The documentary Born in a Ballroom celebrates Helvetia and its beloved matriarch, Eleanor Mailloux.
Even if you haven’t been to West Virginia’s famously swiss enclave, Helvetia, yet, you’ve
likely heard of the Hütte Restaurant. For those who happen on it while driving the remote Randolph County outskirts of the Monongahela National Forest, the homey, comfortable restaurant is a delightful surprise. For others, it’s a destination in its own right.
But for the residents of Helvetia, it’s the heart of the community. As the new documentary film Born in a Ballroom shows, the Hütte and its co-founder and longtime owner Eleanor Mailloux are very much bound up in the town’s history and culture.
Helvetia was founded by Swiss immigrants in the 1860s, not long after West Virginia became a state in the Civil War. When Mailloux—then Eleanor Fahrner—was growing up there in the 1920s and ’30s, residents still spoke the Old World language, cooked the foods, and followed the traditions. She grew up, traveled with the Red Cross, married, and had five children. But by the time she divorced and moved back to Helvetia in the 1960s, times had changed.
“Things were slipping,” Mailloux explains in an interview recorded half a century later.
“Traditions were slipping. Foods were slipping. The old people who were the keepers of these
treasures were dying.” Needing an income and something to do, Mailloux started the restaurant in 1968 with a friend.
Although all of that history eventually becomes clear, the film is far from a chronological recitation of events. Born in a Ballroom is above all a poetic remembrance of Mailloux created in fulfillment of a decade-old promise by her granddaughter, Clara Lehmann, and her partner, Jonathan Lacocque, through the production company, Coat of Arms. Arthurdale
homesteader Martin Luther Perkins gets a little one-on-one time with Franklin D. Roosevelt
during the president’s May 1938 visit. But the film’s premise is that people and place are not
separate—that especially for a person of commitment, energy, and joy, person and place are the same.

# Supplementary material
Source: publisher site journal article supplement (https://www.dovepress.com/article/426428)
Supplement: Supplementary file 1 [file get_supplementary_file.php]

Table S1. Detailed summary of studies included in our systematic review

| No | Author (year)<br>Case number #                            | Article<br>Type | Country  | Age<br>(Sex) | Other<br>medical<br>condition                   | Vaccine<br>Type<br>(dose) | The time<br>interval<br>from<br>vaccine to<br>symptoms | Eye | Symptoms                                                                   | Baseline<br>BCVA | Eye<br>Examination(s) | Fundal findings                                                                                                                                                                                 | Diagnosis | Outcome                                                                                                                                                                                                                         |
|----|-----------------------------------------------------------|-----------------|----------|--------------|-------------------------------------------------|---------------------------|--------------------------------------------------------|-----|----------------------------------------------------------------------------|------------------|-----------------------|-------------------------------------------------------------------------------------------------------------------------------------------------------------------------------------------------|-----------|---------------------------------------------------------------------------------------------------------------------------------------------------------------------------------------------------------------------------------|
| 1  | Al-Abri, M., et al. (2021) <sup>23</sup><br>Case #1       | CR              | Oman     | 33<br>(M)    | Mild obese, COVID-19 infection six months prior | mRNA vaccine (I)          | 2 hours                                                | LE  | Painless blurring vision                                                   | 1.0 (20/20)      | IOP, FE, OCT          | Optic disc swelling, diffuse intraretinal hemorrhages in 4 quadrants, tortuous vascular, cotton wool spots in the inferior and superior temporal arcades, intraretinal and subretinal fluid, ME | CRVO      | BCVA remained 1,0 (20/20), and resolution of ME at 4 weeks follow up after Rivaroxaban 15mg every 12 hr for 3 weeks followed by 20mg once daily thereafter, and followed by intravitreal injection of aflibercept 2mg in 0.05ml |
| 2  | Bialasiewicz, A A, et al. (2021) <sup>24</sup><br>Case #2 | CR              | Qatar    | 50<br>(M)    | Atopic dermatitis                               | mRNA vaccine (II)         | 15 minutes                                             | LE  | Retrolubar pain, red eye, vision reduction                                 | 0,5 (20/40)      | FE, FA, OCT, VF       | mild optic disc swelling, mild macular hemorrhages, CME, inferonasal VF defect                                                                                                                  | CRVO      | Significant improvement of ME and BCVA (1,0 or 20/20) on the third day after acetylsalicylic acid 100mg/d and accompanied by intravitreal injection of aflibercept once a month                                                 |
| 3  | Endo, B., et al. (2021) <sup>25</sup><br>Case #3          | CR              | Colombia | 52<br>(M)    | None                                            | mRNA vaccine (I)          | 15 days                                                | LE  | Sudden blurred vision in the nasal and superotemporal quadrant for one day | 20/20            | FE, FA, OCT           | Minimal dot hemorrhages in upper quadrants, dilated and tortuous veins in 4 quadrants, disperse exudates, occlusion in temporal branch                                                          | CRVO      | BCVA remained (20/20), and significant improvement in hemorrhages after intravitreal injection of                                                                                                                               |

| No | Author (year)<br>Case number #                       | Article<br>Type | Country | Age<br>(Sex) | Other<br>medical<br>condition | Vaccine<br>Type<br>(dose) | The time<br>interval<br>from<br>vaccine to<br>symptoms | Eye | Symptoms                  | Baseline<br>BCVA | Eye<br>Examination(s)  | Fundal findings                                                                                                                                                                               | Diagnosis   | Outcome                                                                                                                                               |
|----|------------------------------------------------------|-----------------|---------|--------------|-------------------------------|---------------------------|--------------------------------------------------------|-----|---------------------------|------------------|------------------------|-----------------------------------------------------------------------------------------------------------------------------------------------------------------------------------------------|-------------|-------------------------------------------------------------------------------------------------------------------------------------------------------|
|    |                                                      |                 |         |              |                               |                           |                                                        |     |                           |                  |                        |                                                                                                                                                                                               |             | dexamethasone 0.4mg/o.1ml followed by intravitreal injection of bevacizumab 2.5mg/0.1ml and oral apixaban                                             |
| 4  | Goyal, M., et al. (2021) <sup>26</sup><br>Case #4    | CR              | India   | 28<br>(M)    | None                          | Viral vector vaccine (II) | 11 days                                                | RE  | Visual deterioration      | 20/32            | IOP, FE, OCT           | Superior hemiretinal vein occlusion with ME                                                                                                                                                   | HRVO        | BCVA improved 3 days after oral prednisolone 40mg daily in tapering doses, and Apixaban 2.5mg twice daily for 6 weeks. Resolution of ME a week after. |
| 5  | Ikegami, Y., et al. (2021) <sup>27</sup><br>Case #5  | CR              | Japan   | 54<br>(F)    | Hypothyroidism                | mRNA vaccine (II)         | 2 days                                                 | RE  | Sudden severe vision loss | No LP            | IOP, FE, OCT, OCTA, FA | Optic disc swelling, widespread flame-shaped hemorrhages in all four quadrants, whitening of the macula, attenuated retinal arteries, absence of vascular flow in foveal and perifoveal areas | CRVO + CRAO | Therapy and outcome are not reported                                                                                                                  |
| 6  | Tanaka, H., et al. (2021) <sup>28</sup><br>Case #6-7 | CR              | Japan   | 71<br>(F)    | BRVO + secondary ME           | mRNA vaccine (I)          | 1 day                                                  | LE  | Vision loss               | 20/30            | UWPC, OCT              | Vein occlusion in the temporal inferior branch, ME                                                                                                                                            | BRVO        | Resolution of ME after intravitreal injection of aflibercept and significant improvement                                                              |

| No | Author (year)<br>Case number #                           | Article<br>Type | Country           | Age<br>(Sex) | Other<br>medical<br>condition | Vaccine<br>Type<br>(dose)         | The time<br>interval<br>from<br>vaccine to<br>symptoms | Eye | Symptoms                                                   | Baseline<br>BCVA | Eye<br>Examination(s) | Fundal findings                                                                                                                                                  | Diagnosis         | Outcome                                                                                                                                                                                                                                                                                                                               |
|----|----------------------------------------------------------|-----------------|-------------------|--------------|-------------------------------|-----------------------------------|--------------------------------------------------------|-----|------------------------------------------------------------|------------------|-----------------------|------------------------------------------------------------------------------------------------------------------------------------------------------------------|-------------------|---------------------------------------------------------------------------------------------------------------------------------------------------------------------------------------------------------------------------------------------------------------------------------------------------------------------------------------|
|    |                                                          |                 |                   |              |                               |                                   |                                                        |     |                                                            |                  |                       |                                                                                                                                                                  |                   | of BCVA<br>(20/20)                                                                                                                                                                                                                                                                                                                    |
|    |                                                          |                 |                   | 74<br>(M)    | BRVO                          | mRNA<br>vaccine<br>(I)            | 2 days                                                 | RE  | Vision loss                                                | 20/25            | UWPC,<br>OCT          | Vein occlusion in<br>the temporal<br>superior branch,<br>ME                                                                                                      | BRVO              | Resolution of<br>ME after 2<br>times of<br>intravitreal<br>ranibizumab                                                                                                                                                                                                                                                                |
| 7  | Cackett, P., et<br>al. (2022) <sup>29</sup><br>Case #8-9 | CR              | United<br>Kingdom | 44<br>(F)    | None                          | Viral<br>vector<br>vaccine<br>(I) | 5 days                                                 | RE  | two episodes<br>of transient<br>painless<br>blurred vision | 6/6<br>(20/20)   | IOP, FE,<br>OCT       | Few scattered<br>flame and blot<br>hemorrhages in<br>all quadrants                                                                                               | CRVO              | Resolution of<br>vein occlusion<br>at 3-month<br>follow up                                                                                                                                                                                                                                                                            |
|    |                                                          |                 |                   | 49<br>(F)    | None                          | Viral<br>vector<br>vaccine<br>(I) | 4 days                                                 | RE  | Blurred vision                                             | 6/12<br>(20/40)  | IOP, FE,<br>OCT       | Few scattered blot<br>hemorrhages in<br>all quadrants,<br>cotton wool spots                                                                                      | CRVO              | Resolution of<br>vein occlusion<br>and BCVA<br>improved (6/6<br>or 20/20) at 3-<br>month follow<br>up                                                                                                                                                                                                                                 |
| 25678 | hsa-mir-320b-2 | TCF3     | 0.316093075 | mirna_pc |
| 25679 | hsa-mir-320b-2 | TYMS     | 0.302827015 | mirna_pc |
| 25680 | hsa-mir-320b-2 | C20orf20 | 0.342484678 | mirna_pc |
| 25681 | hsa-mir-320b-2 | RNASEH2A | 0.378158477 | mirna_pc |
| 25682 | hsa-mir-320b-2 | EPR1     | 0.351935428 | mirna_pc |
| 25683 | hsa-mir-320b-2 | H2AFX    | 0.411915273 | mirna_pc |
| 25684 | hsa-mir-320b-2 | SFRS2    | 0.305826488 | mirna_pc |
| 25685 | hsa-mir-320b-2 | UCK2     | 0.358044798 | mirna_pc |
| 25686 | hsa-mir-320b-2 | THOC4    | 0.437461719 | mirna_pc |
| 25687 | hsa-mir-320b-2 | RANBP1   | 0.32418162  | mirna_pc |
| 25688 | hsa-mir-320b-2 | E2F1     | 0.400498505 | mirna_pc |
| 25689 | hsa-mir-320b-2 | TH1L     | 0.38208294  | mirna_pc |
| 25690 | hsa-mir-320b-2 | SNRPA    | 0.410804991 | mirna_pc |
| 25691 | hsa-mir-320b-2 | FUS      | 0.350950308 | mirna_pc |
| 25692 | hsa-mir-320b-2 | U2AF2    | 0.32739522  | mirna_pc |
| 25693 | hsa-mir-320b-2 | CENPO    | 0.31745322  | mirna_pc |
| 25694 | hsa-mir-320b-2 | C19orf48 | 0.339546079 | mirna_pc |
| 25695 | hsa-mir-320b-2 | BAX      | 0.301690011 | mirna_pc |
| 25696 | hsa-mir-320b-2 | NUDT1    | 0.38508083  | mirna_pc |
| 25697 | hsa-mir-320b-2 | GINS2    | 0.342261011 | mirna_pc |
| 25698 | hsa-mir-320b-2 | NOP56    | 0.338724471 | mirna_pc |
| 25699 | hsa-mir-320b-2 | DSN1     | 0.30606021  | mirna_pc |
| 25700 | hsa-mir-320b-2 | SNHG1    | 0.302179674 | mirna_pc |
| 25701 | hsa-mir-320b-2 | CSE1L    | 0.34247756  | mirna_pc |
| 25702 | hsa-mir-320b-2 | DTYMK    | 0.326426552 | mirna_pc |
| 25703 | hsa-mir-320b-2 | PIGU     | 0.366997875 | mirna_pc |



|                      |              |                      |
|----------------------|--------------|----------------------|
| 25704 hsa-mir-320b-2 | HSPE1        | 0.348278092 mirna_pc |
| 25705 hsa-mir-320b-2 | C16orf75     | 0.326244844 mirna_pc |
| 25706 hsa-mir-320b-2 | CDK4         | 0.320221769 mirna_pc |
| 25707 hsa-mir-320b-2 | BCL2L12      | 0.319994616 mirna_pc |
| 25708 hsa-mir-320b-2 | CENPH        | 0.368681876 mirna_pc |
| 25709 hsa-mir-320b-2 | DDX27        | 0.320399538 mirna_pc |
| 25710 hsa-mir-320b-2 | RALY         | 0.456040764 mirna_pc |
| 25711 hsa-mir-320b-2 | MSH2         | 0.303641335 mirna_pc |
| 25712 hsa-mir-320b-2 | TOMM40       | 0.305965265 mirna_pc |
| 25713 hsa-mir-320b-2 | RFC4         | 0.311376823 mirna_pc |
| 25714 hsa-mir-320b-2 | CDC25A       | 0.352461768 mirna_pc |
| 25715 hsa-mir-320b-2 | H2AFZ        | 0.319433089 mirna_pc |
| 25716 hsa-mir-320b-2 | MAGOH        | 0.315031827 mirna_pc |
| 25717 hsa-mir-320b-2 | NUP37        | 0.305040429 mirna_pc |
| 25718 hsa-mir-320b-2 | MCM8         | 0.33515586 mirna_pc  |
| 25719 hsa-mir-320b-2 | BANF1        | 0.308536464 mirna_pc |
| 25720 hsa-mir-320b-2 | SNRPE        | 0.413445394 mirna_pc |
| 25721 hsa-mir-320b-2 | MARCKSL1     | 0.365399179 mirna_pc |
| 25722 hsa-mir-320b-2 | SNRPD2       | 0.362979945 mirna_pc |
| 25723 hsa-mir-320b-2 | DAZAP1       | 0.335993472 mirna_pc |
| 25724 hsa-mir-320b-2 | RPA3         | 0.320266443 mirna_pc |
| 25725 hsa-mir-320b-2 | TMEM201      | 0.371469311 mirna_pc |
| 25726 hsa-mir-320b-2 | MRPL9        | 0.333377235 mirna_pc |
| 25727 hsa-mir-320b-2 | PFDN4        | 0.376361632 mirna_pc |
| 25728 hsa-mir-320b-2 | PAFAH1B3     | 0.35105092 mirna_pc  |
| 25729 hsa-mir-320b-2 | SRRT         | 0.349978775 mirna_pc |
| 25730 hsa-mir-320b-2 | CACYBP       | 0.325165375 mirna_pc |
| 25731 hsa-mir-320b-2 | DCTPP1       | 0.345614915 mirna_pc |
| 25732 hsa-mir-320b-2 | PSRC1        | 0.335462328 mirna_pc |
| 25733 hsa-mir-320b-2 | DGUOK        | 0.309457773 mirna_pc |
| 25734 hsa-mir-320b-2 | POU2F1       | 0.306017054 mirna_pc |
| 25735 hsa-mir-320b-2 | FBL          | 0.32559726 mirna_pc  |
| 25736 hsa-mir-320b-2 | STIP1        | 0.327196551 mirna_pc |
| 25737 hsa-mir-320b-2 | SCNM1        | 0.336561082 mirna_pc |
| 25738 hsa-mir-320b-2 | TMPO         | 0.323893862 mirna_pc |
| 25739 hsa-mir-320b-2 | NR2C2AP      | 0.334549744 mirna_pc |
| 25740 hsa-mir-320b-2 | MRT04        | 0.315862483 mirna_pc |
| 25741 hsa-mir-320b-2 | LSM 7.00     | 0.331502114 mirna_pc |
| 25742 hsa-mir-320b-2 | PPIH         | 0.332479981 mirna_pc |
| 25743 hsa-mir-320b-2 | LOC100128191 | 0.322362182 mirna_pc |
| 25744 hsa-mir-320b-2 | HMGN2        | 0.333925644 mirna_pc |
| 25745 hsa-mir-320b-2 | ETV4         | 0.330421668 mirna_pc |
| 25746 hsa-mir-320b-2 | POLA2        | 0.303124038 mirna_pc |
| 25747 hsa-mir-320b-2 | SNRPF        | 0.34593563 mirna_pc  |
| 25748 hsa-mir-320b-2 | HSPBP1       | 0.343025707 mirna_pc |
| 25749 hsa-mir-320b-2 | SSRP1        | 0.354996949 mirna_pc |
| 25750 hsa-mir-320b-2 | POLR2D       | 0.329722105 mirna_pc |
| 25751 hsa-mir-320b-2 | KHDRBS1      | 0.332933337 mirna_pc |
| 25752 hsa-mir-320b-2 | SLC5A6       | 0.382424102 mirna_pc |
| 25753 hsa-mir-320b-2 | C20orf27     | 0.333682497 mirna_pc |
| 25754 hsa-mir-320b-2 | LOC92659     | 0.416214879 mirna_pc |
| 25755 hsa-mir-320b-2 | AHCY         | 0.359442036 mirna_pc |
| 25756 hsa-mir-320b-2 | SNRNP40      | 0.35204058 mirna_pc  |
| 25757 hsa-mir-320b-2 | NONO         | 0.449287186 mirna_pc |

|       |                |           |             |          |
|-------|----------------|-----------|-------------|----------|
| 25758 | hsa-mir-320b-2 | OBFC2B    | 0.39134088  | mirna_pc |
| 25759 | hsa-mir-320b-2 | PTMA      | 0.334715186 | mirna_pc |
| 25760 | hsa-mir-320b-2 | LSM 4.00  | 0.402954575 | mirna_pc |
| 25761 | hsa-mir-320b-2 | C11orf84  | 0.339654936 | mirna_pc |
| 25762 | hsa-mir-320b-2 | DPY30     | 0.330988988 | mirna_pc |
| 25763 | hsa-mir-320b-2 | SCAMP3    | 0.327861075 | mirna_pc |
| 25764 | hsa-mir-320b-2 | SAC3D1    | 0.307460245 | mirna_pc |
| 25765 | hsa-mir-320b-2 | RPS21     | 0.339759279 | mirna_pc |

Mailloux ran her restaurant with pride in its appearance and its authentic Swiss dishes, and she held her staff to high standards. At the same time, she brought a sense of fun to all of it. Her family remembers her dancing, singing, yodeling, and laughing. The title of the film refers to the circumstances of her birth—you’ll have to watch to hear the story—but also to her love of life, a love that invigorated all of Helvetia.
Lehmann and Lacocque weave loving footage of the landscape and the restaurant in
among interviews with family and residents and with music of all kinds—including, yes, a little West Virginia–style yodeling. Taken together, the film paints a picture of a place that has truly rediscovered its roots.
Mailloux died in 2011 at the age of 93 and is much missed. “She was like the matriarch of Helvetia and kind of the boss and mayor and pretty much everyone’s role model,” says granddaughter-in-law Jerianne Davis, who works at the restaurant.
“She was just one of the most lively spirits I’ve ever known,” says her grandson Willie. “A wise person, inspiring to a lot of people around her.”
Although Mailloux had a lot of life left in her when her time ended, she did find satisfaction in the results of her life’s work. In the same interview where she observed that the community had been “slipping” 50 years earlier, she added with a twinkle in her eye, “All they needed was somebody that wanted to do something about it.”
Born in a Ballroom premiered in January at the Santa Barbara International Film Festival. You can see it on Amazon Prime, YouTube, and other platforms—or buy it on Blu-ray at borninaballroom.com.
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